Get Sony FE 16-35mm f/4 OSS at B&H Photo.
This study is superb in showing the focus shift of the Sony 16-35mm f/4 OSS. Never before have I seen behavior this extreme, and certainly not from f/5.6 - f/8. It is the most extreme behavior I have ever encountered form any lens on any platform.
This series also shows (like the others), the truly exceptional bokeh of the Sony 16-35, which I place beyond that of any zoom I have used, and most primes. The flip side is that the bokeh extracts its price (focus shift); I think the two are related.
But what to do? I speak to that in Focus and Focus Shift Mitigation. The discussion applies to any lens with focus shift, not just the Sony 16-35/4 OSS, but it also speaks to the specific behavior of the Sony A7r and siblings.
Just wanted to drop a note and say that the coverage of FE 16-35/4 OSS has been superb. Understanding zooms behavior is always more complicated and when one has such quirks as the FE 16-35 the coverage is hugely valuable for a Sony FE system shooter such as myself.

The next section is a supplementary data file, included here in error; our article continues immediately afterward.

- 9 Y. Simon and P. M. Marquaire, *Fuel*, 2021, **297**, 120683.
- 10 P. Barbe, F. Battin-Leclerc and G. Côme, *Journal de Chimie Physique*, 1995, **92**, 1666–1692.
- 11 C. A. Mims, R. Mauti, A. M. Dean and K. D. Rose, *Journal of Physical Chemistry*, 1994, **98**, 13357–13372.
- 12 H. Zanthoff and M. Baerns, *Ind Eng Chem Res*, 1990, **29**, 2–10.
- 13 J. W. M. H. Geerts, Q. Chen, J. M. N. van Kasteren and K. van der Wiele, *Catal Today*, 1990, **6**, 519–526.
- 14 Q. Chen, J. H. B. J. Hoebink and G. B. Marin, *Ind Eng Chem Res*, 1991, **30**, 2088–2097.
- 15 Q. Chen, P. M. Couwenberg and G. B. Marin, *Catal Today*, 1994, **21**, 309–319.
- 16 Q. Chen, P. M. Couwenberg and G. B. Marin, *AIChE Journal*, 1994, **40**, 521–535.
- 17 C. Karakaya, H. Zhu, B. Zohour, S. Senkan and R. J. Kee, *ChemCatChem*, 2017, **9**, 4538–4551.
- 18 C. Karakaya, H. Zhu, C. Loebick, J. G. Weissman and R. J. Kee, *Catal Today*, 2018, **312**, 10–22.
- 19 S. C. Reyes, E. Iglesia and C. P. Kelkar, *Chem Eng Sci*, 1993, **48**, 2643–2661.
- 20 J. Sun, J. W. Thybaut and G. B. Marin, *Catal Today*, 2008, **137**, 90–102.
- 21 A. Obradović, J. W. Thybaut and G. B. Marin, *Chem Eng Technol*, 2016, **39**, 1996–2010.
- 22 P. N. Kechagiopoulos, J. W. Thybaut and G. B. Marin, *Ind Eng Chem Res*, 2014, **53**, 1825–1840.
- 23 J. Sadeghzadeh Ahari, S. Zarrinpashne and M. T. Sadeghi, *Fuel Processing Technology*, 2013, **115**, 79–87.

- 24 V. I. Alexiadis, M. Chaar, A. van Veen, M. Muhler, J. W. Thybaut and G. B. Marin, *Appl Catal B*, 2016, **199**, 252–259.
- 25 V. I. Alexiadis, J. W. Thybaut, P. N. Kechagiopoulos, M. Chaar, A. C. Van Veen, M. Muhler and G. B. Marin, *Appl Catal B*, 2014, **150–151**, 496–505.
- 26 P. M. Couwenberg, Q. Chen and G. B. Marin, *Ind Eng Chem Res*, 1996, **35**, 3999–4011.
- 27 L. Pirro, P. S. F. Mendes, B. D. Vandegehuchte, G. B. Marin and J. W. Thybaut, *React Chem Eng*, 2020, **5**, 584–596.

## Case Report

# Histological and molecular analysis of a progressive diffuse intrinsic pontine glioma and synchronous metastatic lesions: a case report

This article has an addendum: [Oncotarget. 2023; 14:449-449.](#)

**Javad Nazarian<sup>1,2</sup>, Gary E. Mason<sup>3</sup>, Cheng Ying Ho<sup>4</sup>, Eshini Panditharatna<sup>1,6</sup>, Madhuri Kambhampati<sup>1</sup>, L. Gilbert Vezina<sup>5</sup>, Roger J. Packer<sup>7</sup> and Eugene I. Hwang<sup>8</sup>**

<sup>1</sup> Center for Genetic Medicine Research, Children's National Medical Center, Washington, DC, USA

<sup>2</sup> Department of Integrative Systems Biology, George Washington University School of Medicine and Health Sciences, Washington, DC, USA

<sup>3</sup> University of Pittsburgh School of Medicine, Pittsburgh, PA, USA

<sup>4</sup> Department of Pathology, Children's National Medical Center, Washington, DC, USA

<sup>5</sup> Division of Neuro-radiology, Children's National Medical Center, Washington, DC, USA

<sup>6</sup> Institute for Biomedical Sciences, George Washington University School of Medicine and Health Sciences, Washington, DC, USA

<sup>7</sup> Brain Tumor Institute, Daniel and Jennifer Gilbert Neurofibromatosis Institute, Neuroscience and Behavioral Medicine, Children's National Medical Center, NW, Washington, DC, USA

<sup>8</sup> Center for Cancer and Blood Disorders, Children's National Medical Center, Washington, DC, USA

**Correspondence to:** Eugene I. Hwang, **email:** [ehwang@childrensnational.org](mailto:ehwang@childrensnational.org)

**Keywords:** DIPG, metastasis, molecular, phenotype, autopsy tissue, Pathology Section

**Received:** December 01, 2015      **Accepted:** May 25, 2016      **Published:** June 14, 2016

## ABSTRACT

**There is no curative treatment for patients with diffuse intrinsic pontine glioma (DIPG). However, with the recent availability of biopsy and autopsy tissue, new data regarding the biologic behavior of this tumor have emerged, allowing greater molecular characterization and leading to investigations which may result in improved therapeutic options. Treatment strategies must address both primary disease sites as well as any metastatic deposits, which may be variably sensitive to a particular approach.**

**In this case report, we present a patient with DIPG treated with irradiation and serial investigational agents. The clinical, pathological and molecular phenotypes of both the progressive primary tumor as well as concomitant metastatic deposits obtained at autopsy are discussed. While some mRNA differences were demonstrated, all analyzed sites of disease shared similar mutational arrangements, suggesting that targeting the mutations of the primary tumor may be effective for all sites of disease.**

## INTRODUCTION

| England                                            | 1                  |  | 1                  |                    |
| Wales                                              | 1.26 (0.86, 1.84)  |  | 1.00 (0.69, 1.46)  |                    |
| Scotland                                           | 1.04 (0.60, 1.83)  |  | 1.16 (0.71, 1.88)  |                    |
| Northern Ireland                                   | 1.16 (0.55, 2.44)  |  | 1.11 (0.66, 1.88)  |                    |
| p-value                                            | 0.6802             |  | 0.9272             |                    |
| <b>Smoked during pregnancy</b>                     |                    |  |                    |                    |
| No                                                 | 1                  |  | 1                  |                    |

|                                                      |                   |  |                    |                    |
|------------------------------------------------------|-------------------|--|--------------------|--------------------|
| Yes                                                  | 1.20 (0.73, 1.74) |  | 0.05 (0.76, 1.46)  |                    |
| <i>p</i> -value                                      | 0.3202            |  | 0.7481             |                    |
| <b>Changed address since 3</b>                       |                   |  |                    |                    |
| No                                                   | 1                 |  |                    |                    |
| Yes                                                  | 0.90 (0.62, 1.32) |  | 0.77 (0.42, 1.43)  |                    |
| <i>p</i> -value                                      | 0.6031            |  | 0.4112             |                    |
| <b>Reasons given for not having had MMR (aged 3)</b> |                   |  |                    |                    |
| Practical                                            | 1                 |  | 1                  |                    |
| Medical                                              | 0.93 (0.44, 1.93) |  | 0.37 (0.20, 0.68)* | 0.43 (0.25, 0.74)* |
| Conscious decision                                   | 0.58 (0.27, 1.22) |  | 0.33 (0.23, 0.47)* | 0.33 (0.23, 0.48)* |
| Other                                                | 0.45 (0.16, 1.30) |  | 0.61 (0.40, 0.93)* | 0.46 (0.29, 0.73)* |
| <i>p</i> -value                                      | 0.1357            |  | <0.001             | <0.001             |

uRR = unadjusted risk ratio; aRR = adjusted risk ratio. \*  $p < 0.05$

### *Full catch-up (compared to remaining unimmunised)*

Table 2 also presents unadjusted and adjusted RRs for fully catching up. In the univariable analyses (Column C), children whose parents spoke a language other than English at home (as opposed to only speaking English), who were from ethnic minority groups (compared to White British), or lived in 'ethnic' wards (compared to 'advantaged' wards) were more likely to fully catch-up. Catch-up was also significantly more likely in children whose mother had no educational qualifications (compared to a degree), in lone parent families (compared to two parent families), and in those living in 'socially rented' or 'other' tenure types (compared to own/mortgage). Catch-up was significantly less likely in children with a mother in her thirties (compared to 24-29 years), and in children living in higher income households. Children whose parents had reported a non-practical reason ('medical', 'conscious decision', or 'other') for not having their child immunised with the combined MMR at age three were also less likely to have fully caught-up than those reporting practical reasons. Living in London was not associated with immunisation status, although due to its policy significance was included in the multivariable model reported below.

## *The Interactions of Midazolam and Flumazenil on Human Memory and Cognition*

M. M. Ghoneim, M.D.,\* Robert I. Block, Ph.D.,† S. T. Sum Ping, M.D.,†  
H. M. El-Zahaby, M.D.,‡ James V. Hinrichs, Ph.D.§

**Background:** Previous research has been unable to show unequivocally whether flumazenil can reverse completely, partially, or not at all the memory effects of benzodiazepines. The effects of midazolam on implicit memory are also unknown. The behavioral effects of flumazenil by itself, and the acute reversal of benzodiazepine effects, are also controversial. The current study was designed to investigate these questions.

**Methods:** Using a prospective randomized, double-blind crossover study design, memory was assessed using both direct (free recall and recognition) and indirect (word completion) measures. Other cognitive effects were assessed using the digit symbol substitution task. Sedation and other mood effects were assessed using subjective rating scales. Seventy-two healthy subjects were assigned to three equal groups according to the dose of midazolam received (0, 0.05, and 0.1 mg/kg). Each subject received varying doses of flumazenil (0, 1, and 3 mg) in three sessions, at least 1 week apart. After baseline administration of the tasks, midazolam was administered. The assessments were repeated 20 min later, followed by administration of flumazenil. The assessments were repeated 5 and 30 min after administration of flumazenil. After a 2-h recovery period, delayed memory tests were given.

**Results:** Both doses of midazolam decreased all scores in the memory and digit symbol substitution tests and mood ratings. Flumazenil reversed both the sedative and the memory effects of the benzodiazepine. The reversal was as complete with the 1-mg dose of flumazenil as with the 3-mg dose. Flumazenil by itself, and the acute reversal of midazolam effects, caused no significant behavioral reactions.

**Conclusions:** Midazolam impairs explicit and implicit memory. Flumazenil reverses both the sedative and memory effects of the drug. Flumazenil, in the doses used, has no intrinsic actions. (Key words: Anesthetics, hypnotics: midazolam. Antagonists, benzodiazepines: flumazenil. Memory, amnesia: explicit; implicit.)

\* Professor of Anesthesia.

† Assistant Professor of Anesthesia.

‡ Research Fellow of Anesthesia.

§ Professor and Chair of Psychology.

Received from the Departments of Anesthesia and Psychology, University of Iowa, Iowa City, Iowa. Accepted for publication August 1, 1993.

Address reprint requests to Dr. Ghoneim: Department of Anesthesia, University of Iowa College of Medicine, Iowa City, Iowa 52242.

Regarding the Live View Setting effect on/off; you are right on mark on it's behavior. I've spent a lot of time trying to figure that out, but there seems to be no pattern on how much and when the cameras will open up on it's own for AF when Live View Setting Effect is on leading quite random behavior on lenses with focus sift.
On the other hand the Setting Effect Off is hugely valuable for handheld stopped down shooting with lenses without noticeable focus shift. When shooting for example Zeiss ZE lenses on the Metabones smart adapter these lenses are nicer to focus than native mount Loxias, one can focus wide open and the lens will stop down on shutter press; this gives always best possible EVF quality and refresh rate + easy to place focus; something not available in Loxias with their manual aperture control.
DIGLLOYD: more coming.
The Zeiss Loxia lenses are very compact and I like their 100% predictable behavior. But it is true that being able to focus wide open and have the lens stop down upon exposure is all but a necessity for some types of photography (people or anything moving).